'Things done changed up this side/Remember they used to thump, but now they blast right?' is lifted from Dr. Dre’s “Little Ghetto Boy” which depicts the rise of gun culture in South Central L.A. It too links current conditions to past political events. Its intro takes us to something reminiscent of a Black Panther rally: impassioned talk of racial solidarity and co-operative economics. The song’s first verse is narrated by a young man who proves himself in a prison riot; the second, tells the story of an ex-con, OG gunned down by a younger gangster he had up for a mark, the third act brings closure and context: Snoop Dogg explains that gang life and making money in the drug trade makes a man a `real man’. Underscoring the progression is Snoop signifying as a Crip: a L.A.-based gang that had its origins in a Black Panthers community organization. These allusions bring even more weight to `Little Ghetto Boy’ and consequently to B.I.G.’s quiet paranoia in `Things Done Changed’. 

And, it gets weightier still.


‘Little Ghetto Boy’ is a remake of a Donny Hathaway’s song of the same name. Hathaway’s version though was an inspiration anthem, rooted in a “Up with Hope-Down with Dope” Civil-Rights ethos. It empathizes with a boy growing up in the ‘hood, but then challenges him to overcome his reality. Not only that. Through resolve, and I guess and 'content of character', ghetto boys are to change the 'hood for the better. It’s grand ol’ American bootstrapism gone soul. Snoop’s response to Hathaway’s questions helps scare any inkling of conscience right out B.I.G.

The sampling in “Things Done Changed”, rich with political allusion and import, puts a palpable 'adapt-or-die' pressure on the soon to be tragic hero. And, in the fractal sampling pattern there’s a ‘fuck you’ to the ancestors. I mean, just what are we to make of adults publicly committed to justice but selling 'the revolution'? Or watching from the sidelines - selling hope and DIY redemption - while a familiar program of `racialising’ disenfranchisement unfolded?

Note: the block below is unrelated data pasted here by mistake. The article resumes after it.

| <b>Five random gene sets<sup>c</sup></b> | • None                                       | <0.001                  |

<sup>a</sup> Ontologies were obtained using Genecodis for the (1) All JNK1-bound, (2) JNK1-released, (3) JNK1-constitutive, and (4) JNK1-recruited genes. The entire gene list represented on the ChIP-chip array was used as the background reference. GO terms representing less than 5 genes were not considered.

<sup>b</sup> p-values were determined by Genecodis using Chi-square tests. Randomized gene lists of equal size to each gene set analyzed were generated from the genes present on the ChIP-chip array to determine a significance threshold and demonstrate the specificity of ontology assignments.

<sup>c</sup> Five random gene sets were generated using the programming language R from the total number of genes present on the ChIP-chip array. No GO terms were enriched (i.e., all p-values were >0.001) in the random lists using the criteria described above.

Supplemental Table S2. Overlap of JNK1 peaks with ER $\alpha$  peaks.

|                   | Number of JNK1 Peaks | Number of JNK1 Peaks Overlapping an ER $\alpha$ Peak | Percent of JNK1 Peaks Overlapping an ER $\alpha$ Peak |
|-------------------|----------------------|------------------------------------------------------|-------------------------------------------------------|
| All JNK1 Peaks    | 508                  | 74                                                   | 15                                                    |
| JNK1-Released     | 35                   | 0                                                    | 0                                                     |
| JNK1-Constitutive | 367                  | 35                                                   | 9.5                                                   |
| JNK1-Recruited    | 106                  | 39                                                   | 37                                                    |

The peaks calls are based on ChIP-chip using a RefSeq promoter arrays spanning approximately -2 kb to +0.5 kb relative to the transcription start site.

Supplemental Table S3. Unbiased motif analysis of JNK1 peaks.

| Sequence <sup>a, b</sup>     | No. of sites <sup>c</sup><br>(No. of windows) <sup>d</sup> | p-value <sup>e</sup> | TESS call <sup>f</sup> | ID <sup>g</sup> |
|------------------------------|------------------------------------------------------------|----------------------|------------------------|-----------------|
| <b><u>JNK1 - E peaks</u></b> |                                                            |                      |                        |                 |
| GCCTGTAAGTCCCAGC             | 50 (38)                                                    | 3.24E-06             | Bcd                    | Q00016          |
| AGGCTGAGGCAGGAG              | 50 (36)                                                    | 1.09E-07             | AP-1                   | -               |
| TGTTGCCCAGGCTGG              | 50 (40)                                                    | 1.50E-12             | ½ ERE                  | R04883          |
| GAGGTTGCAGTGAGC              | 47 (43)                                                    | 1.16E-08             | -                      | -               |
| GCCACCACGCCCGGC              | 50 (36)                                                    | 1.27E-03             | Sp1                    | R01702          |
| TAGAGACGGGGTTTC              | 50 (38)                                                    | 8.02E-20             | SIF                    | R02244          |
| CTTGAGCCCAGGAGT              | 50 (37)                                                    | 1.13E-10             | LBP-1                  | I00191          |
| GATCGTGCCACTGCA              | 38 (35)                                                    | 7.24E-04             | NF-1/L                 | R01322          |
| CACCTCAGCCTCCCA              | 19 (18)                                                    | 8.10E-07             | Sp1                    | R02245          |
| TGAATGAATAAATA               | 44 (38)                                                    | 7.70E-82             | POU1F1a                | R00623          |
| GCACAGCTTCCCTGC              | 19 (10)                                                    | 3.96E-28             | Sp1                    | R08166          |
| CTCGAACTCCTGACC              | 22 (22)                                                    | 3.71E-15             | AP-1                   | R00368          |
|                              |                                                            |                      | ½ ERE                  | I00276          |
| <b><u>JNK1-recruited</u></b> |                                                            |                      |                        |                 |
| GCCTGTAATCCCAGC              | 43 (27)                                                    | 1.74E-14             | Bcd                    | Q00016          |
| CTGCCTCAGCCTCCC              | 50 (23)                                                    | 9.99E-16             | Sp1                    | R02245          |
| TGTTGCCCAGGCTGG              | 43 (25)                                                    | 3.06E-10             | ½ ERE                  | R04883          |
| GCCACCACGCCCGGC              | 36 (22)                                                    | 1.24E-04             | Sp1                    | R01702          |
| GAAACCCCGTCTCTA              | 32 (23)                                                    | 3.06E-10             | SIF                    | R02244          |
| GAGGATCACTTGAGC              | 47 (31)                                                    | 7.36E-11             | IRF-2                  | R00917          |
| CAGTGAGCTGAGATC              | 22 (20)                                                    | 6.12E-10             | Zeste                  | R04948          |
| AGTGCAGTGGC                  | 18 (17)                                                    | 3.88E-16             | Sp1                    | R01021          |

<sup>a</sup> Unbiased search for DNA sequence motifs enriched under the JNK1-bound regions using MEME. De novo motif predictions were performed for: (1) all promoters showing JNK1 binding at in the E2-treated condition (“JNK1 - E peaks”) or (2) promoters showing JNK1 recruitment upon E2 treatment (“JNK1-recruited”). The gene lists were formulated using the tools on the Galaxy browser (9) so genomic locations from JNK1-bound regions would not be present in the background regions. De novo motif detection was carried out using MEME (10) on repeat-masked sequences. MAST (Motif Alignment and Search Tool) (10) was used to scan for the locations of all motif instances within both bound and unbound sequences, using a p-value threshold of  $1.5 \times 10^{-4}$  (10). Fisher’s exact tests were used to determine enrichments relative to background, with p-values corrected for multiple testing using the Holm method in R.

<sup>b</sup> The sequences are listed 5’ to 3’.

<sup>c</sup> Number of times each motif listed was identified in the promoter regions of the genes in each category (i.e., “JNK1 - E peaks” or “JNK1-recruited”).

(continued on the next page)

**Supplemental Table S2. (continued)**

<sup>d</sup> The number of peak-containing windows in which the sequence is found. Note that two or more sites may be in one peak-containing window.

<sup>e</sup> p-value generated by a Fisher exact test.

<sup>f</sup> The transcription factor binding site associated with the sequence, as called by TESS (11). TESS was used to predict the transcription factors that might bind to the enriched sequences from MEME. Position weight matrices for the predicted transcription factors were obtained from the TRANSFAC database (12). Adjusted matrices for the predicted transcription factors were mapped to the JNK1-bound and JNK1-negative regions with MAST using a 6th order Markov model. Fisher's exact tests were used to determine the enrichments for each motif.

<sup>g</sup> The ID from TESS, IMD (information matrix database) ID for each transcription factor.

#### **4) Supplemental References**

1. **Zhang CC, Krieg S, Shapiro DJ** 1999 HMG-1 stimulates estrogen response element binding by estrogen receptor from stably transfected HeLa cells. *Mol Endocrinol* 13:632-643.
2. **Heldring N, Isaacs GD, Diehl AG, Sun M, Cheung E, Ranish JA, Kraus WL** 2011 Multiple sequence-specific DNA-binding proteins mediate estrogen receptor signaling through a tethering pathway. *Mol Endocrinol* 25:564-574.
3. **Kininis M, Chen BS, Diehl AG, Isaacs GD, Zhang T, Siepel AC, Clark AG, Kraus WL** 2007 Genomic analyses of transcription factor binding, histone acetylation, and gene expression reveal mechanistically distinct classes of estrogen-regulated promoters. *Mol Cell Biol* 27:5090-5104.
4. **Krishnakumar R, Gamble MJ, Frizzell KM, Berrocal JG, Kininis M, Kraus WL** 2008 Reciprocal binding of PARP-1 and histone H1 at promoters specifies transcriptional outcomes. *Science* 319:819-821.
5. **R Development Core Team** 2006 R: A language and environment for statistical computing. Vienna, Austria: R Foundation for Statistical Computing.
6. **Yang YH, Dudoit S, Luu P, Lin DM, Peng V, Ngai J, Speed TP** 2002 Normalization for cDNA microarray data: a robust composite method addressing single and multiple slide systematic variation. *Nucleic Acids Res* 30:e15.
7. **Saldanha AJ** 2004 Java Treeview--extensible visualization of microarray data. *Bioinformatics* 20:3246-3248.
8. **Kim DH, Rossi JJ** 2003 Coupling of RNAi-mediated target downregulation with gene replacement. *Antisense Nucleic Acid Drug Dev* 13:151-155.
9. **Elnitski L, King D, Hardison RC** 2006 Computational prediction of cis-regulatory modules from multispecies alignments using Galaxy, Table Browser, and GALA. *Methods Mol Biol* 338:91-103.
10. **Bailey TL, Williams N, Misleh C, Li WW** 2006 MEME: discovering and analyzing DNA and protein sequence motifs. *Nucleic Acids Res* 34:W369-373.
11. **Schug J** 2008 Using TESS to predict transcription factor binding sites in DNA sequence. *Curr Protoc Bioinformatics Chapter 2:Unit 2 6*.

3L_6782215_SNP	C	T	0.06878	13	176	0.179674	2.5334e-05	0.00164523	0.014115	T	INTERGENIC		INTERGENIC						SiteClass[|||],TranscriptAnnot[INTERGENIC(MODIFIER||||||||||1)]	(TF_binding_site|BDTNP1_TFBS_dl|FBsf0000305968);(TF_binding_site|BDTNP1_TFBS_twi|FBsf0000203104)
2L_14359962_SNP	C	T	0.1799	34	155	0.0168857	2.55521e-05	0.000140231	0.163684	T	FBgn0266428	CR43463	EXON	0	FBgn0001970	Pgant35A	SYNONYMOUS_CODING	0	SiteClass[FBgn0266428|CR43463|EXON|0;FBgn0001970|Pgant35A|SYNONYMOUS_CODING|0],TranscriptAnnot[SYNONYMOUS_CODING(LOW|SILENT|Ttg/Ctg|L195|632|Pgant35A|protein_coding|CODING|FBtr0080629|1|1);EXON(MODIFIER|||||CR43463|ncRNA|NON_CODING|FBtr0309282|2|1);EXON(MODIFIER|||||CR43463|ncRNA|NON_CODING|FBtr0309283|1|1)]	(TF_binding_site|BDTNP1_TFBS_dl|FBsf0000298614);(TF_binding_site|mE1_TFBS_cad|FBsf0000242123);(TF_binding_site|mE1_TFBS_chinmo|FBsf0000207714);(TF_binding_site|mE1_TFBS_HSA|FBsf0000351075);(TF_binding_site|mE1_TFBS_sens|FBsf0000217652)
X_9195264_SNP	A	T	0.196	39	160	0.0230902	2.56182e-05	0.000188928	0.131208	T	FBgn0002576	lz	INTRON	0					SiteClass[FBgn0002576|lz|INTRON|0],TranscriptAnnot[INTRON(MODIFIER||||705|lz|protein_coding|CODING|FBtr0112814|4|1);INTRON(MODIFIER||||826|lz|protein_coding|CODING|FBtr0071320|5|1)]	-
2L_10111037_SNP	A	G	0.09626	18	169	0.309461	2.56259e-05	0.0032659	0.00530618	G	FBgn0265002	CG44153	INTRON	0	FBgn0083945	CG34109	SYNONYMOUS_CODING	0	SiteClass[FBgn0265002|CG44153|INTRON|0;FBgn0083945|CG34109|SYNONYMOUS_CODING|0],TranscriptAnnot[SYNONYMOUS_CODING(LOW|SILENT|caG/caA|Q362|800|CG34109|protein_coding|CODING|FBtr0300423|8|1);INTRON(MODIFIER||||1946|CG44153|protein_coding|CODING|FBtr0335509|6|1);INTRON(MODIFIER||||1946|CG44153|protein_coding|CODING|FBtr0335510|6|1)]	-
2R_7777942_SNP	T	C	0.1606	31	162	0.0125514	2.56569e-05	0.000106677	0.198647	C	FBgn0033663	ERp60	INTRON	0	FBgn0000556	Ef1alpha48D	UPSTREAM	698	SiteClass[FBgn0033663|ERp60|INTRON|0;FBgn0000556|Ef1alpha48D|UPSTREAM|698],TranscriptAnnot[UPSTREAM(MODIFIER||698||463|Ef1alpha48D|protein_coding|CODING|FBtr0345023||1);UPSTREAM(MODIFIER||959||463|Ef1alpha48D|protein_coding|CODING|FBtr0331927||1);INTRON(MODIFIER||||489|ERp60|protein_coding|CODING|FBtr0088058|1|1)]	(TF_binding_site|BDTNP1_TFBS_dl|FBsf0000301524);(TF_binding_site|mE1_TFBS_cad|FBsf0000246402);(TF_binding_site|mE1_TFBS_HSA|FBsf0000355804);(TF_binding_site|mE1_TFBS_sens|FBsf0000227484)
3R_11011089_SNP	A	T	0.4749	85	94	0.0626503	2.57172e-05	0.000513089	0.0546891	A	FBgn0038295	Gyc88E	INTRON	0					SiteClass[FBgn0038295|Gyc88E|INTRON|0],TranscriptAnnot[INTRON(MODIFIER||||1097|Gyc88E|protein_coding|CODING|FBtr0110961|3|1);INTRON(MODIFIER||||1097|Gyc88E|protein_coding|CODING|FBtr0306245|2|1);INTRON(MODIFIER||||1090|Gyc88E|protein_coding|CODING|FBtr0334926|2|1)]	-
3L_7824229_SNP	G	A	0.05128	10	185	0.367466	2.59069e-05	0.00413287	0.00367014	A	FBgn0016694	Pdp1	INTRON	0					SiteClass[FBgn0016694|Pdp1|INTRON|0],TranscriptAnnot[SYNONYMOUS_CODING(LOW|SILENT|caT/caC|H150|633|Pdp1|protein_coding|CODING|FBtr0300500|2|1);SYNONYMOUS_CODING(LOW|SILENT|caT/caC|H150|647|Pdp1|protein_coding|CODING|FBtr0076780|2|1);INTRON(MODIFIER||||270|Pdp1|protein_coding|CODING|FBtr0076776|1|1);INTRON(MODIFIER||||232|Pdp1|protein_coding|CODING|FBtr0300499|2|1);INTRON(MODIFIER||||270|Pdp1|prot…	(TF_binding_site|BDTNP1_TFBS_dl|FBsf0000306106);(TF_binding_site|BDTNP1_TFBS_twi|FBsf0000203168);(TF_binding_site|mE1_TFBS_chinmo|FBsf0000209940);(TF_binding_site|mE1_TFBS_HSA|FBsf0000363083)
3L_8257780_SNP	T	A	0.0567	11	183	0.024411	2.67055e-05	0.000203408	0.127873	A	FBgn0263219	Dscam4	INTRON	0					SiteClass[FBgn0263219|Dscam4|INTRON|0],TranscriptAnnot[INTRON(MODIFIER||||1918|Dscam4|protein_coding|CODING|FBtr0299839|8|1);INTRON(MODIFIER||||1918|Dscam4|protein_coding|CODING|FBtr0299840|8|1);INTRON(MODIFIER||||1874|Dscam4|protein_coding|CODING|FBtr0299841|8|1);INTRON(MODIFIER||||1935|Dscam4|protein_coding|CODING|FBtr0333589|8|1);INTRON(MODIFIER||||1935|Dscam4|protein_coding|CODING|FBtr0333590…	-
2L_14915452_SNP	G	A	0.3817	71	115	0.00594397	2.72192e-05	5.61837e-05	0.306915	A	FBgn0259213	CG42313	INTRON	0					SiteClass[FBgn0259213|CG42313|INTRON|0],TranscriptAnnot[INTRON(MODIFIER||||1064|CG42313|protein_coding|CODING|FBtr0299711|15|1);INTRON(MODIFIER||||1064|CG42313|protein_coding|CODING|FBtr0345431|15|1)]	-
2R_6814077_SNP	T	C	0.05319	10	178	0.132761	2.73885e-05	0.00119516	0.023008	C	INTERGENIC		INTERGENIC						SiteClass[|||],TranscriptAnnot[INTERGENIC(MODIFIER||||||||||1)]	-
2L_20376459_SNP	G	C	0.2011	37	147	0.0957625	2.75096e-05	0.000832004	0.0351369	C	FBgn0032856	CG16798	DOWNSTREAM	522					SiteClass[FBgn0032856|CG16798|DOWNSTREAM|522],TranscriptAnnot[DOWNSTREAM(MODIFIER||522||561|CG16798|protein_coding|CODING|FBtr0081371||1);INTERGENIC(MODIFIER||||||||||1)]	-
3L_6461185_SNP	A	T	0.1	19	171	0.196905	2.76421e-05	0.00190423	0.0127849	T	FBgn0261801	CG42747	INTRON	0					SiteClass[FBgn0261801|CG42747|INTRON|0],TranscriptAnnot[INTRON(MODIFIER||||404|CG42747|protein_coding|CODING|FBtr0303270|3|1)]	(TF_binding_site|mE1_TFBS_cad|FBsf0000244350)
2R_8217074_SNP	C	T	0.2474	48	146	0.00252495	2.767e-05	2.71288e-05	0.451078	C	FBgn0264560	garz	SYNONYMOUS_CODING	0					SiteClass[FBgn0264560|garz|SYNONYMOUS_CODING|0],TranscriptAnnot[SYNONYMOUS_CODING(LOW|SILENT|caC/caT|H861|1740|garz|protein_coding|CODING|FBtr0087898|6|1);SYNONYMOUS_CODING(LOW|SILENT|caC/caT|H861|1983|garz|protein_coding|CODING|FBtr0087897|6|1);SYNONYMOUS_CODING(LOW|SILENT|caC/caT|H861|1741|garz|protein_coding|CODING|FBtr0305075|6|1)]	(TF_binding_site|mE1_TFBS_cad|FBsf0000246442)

Biggie survives these socio-political constructs. More than survives, actually. `Juicy’ celebrates his living the dream. But the album’s mood changes immediately. His conscience returns and self-disgust plunges him into depression. He then kills himself. His 'unmaking' underscores then flips the album’s theme: even if you do `make it’ (Black) American dreaming is killer.

In the 90s few people responded to that meaning. Our filters, aversions and investments - our dreams - just didn’t allow for that kind of engagement. But Ready to Die was an instant success. A hybrid. It's street credibility and `mainstream’ success changed the course of East Coast rap music. The 'glorification' of sex and violence however sparked outrage. Outrage that coincidentally (?) promoted the album but didn’t help anyone understand what a deep social commentary it was. The intermingling of judginess and willful ignorance continues in how we, who should by now know better, receive Nicki Minaj.

Much of the NWA either doesn’t 'get' Nicki or choose to see her as an airhead 'selling out' for fame and fortune. It’s understandable. Fake boobs. Fake butt. A rather liberal use of make-up. The wigs. Airs and affected accents. But, there's a catch. With a sort of 'it's-mine-'cause-I-bought-it' posturing, Minaj is unapologetically artificial. How's that 'fake'? Taking in her lyrics makes it impossible to have her up as just some affected dummy. Don’t believe the hype. Don’t dare believe that Minaj isn’t a real emcee or that as a story-teller she's incapable of the kinds of allusions that brought chilling dimension to Ready to Die. Trey Songz’ `Bottoms Up’ for example is a carefree club song, but, Minaj is very crafty with her allotted 16.